Top 5 Best Foods In Eritrea With Recipe

28-03-2022 5 6 0 0 Báo lỗi

Eritrean cuisine has merged with various cuisines, although each Eritrean recipe has its own distinct characteristics. This country's cuisine is also influenced by Ethiopia, its neighbor. When you compare the two, you'll see that Eritreans prefer lighter-textured foods with fewer butter and spices. Furthermore, because Italy used to dominate Eritrea, you can detect various Italian influences in these dishes. That's why Eritrean cuisine usually gets people excited when they try it, and Toplist wants to help you feel the same way.

1 Đỗ Thị Nga

Shahan Ful

Order a steaming bowl of Shahan Ful, a slow-cooked fava bean dish, to soothe your rumbling stomach. While many people assume this is a Sudanese meal, it is undeniable that Shahan Ful is today a well-known Eritrean dish. Not only in your visiting country, but also in several other countries, such as Sudan (of course), Ethiopia, Somalia, and others. You can call it "Ful" if you can't recall its entire name. This is also a short name for the Egyptian fava bean dish Ful Medames, and both are made from fava beans.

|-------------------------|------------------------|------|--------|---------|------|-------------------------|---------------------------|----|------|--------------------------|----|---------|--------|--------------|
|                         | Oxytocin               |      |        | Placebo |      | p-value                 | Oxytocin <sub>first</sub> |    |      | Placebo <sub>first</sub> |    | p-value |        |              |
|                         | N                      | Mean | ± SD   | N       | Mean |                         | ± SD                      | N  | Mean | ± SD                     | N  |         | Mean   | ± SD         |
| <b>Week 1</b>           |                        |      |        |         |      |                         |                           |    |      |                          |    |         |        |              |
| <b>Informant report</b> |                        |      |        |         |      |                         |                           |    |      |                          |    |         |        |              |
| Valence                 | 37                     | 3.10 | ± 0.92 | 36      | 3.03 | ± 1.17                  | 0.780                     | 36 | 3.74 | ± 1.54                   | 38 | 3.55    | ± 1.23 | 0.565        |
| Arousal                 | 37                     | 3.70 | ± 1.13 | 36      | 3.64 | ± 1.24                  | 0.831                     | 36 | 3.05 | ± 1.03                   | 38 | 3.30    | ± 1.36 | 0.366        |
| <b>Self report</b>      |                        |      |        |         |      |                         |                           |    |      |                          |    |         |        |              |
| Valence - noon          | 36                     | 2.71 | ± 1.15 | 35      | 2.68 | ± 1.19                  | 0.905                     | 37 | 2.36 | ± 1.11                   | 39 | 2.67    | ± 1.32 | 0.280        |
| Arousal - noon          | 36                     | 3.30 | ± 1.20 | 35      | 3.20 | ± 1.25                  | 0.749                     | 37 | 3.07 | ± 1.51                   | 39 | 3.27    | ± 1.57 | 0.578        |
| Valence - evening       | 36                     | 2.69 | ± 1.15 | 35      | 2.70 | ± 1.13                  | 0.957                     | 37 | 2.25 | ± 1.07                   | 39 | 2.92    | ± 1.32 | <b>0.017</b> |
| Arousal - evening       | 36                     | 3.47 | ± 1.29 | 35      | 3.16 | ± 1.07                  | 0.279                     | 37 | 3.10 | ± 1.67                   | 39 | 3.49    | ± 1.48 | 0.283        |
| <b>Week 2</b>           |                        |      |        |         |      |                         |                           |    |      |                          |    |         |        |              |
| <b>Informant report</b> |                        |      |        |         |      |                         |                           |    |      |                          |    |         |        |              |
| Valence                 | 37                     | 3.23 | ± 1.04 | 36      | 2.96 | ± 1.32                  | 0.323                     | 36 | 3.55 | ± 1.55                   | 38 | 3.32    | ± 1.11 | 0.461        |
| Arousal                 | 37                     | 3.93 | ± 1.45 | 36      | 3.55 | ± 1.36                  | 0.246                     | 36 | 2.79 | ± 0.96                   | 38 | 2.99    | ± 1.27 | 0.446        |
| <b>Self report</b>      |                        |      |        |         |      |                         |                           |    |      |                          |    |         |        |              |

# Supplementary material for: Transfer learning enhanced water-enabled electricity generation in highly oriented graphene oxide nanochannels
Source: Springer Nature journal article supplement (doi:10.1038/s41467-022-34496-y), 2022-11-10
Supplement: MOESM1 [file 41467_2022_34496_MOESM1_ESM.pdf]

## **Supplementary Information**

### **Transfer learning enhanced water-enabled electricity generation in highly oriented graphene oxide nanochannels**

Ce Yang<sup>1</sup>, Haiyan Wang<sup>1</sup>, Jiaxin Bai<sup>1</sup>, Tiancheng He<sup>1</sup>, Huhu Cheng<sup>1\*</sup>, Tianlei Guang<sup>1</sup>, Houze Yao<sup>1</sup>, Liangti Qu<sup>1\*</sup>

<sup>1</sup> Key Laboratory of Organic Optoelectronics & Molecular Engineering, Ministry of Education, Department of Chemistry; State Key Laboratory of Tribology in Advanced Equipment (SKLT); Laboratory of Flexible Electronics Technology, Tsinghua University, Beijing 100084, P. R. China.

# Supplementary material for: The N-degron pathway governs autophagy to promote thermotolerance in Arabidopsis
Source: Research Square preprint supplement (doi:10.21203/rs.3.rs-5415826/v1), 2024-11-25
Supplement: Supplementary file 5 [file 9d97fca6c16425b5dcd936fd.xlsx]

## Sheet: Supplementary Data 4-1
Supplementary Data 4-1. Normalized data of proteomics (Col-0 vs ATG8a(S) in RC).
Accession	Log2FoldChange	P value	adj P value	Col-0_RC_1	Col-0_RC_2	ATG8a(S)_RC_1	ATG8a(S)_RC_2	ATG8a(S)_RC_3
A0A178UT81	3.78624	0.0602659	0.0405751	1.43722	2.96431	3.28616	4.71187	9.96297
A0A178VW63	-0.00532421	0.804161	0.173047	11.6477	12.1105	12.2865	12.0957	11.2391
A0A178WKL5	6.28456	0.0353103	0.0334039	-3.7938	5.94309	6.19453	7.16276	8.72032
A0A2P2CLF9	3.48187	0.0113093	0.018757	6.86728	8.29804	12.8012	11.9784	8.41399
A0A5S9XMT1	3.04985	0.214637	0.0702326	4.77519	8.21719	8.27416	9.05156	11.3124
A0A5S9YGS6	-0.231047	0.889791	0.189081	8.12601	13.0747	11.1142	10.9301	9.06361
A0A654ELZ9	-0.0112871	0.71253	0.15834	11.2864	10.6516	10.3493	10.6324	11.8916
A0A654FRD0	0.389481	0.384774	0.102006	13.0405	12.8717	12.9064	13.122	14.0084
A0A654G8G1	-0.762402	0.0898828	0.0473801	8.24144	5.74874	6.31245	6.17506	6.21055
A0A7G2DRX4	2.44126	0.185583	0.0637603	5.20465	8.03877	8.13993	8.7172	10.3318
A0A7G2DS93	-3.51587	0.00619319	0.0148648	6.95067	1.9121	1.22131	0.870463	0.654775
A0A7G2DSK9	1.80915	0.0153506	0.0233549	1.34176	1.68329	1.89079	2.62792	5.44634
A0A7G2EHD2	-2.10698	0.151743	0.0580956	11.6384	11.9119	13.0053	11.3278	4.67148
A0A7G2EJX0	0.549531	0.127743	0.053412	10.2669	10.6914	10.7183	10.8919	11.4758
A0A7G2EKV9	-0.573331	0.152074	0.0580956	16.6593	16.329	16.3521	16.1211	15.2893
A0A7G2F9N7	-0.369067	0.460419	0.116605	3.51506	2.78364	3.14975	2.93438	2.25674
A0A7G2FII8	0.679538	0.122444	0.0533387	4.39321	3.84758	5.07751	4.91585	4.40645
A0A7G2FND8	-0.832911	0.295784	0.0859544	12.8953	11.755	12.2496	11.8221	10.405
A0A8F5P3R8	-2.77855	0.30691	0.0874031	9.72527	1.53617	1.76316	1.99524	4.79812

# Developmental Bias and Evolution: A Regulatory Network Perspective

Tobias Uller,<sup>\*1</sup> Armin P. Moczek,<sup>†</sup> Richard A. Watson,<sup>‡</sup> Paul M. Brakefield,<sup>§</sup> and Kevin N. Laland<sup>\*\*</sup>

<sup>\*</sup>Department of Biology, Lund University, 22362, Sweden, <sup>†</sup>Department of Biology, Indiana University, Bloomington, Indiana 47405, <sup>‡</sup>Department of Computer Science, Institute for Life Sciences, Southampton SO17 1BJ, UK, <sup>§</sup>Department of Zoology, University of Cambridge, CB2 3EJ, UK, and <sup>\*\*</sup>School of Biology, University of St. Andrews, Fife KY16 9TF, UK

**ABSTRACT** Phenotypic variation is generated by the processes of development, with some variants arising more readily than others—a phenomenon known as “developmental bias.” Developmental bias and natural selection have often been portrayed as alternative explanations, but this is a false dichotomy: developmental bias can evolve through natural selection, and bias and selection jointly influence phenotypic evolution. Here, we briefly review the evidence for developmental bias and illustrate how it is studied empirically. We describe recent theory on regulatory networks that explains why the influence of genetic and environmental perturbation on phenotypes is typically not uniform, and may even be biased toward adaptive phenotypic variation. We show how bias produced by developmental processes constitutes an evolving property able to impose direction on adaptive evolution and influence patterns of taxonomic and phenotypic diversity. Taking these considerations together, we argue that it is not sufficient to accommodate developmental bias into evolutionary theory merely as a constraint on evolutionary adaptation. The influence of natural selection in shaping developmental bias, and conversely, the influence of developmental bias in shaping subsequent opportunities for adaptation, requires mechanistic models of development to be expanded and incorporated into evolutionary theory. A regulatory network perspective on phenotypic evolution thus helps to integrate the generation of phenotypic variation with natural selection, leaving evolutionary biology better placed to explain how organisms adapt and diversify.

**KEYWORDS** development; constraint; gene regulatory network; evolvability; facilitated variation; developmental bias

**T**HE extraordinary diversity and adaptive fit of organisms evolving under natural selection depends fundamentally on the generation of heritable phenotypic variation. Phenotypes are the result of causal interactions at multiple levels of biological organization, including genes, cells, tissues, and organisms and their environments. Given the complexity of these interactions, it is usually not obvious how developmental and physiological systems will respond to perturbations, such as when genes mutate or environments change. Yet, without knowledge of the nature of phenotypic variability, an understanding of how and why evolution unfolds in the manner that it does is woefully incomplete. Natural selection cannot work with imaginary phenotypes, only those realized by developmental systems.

Ingredients

  • Ethiopian Shahan Ful: ½ cup onions (minced) , 1 tsp cumin, ½ tsp turmeric , 2 tbsp olive oil , 2 cloves garlic (minced), ½ cup tomato (small diced), ½ green chili or jalapeno (optional) , 2 cups stock (or water) for cooking, 1 cup white beans or black eye peas (can or fresh)
  • Garnish: 2 tbsp cilantro, 2 tbsp parsley , 2 tbsp tomato , ½ green chili or jalapeno (minced) optional, 1 ea lemon (both juice and zest), ½ tsp smoked paprika, ¼ cup chickpeas (can), ½ cup olive oil
  • Beet Salad: 2 ea beets, red or golden (fine julienne cut), 1 tsp ginger (minced), ½ tsp garlic (minced), 1 ea lemon (zest and juice), ½ ea orange (zest and juice), ½ tsp mustard, ½ tsp berbere spice, ¼ cup olive oil, 2 oz arugula, 1 tbsp mint (optional), 1 tbsp parsley (optional), goat cheese

Instructions

  • Using a strainer, strain the liquid off of the beans and rinse under water well (can only)
  • Reserve
  • Using a medium-size pot, pre-heat dry
  • Add onions, turmeric, and cumin. Allow to cook until caramelization begins (slightly brown). This should
  • take 5-7 minutes
  • Add olive oil and garlic, allow to cook until soft (3 minutes)
  • Add tomato and green chili, allow to cook for another 2-3 minutes
  • Add beans and stock
  • Adjust seasoning with salt and pepper
  • Allow mixture to cook out for 10-12 minutes or until tender
  • Add the ½ cup of olive oil to a small pot and pre-heat (about 375)
  • Strain your chickpeas well and rinse
  • Make sure they are dry
  • Toss with salt and pepper
  • Place in the oil and allow them to cook until golden brown and crispy (3-5 minutes)
  • Remove and place on a paper towel